Songs In The Key Of Rock
If for some reason you are new to Glenn Hughes, his history is colorful. Stints with Trapeze, Deep Purple and Gary Moore were interspersed with stints in rehab. But Glenn has been dry for a decade now and is clearly in the best form of his life. He has released several great albums in recent years, but this has to be one of the best.|
Be it be rock, hard rock, blues, funk or pop, Glenn Hughes knows no bounds. His variations between projects and guest spots always keep fans guessing, but keen too. There's rarely a let down as far as quality and there's never a dip in performance.
Which I suppose makes it harder to keep on impressing folk - like me - that buy each and every record. I am pleased to say that the plan Glenn had in mind for Songs In The Key Of Rock has worked a charm.
This is a magnificent hard rock album that sees Glenn pay tribute to his past work in Deep Purple, Trapeze and his 70's roots. Don't mistake what I have typed here - this is an album of all new, all original material. Glenn's aim however, was to create a big 70's hard rock record and that he has done brilliantly. From Glenn's hair, to his clothes and the album cover. This is classic Hughes.
Personally I rate this, his second best record ever, behind only From Now On. Those who prefer the funky or more soulful side of Glenn might feel that this is a step backwards, but rediscovering your roots should never be discouraged, especially when such fine results as this are achieved.
Glenn has said to me that he is constantly approached by fans who love him for his work in Deep Purple, so why not satisfy those fans with a great classic hard rock record?
As one could expect, the sound is a little rawer than the usual Hughes polish, but suits the music perfectly.
Track By Track:
In My Blood opens with a thud and after a short vocal intro launches into a groovy hard rock song, engulfed in Hammond organ, a big thick rhythm section and equally meaty guitar riffs. This uptempo rocker is an ideal way to open the album and declare Glenn's musical intentions. A good catchy chorus is enhanced by some vocal acrobatics. Mid-song everything comes to a halt for a soulful interlude before Glenn really goes off!
Lost In The Zone is one of the album's best tracks. This is a mid-tempo heavy blues rocker with a stamping beat and an authorative vocal that is classic Hughes. The vibe and vocal style reminds me of the From Now On album, as if it had of been recorded in 1975. Add a soulful bridge and a big rock chorus, with an even bigger vocal, and a classic is made. The guitar playing of JJ Marsh and Jeff Kollman is simply mesmerizing, drawing comparisons to Richie Blackmore and the great partnership of Mickey Moody and Bernie Marsden.
Gasoline is a fast tempo'd blues rocker, with a funky lead guitar riff and some really raw, in your face vocals and another smashing chorus, making it one of the album's more instant tracks. The closing scream of the song has to be heard!
The tempo slows for the darker and heavier Higher Places. This is a moody rock track that is dedicated to Zeppelin drummer John Bonham. It certainly has a Zep vibe to it, with a dual approach from Glenn, soulful harmony/verse vocals with a harder edge vocal over the top.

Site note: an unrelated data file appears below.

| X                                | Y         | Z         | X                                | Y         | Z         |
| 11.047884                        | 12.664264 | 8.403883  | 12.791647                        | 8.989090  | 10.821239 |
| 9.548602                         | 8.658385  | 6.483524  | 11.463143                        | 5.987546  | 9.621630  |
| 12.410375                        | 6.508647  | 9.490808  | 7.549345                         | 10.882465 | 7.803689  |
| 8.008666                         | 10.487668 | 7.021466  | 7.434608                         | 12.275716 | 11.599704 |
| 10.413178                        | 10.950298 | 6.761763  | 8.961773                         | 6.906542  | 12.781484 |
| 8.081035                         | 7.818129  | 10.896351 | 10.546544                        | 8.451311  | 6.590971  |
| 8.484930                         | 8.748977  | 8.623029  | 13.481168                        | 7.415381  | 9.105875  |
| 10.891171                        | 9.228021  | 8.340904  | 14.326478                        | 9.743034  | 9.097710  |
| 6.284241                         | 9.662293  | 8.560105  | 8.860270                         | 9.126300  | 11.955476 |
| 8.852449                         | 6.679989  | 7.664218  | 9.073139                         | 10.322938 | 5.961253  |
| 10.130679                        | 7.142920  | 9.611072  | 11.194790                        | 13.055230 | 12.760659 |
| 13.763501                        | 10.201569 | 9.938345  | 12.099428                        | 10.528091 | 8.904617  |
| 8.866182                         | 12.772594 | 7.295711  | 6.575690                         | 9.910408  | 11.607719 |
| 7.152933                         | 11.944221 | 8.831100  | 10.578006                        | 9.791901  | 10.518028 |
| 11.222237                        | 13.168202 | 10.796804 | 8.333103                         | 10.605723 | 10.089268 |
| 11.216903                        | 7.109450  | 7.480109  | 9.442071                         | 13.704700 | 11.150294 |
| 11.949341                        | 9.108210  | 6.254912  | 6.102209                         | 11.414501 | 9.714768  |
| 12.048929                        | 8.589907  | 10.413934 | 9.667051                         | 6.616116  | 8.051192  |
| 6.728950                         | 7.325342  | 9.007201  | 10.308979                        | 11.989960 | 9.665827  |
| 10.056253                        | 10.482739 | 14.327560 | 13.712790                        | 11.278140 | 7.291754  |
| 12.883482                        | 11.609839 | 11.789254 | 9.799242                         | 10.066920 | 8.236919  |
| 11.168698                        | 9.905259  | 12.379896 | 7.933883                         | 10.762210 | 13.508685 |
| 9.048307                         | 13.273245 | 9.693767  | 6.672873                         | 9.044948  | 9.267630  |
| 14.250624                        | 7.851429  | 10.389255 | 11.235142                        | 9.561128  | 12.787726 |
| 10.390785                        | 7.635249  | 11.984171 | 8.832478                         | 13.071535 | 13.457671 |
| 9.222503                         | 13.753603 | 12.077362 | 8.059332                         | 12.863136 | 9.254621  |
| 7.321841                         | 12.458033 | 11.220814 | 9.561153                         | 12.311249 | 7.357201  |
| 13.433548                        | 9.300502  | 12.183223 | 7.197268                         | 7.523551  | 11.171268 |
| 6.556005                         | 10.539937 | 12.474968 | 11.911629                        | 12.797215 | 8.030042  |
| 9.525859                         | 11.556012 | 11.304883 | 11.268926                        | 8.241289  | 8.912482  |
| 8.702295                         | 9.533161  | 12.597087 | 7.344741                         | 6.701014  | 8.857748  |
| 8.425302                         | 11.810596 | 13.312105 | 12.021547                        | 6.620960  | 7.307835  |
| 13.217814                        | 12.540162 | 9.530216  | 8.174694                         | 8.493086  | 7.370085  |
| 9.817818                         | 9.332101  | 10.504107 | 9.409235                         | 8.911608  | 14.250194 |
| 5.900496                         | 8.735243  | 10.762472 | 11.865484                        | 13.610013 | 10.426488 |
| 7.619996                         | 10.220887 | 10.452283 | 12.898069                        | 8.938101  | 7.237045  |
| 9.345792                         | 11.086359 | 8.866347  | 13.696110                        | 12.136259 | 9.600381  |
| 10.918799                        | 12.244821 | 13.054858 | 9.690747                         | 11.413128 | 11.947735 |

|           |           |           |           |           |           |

Get You Stoned continues the dark and heavy retro vibe of the last track. A little Bad Company and a lot of Deep Purple here. This very dark bluesy rocker rolls along until the more pronounced chorus rises through the song, with another powerhouse vocal effort from Glenn. The mid-song instrumental passage is very psychedelic and is more 70's than flared bell-bottoms.
Written All Over Your Face is a mid-tempo classic rocker, with more Hammond organ featured prominently. The slow soulful verse moves smoothly into the chorus that sees Glenn's vocals adding most of the song's melody. Different to the rest of the tracks, the song builds and continues to do so through it's entire 8 minute life. Add some 'choir-style' backing vocals and an extended bluesy instrumental section and the album's epic track is complete.
At this juncture it seemed time to up the pace a little, but Standing On The Rock does more than that! This is a pedal to the metal hard rocker that will rank as one of Glenn's heaviest ever tunes, with a frantic guitar riff that borders on having a punkish vibe. A good fun hard rocker!
Courageous remains uptempo, but in a far more relaxed, with a breezy pop heart. This is another highly original track, with a funky soul/pop/rock chorus that sees Glenn take in many of the styles he capable of.
Secret Life is a terrific crunchy blues rocker with a touch of the album Feel about it, and a strong 70's funk feel.
The album flows seamlessly into The Truth, which is another lighter track with a pop/rock heart. Hammond organ dominates the verse, while a harder edged guitar riff takes the chorus. Not my favourite track on the album, but it fits the album's vibe.
After a couple of light-hearted numbers, the album seems ready to go out with a punch and Wherever You Go does just that. This bass dominated 70's rocker sees Glenn back at his roots again. The mid-song instrumental passage is pure 70's flair and the guitar solo is superb. A tasteful way to close the album - right down to Glenn's last vocal.
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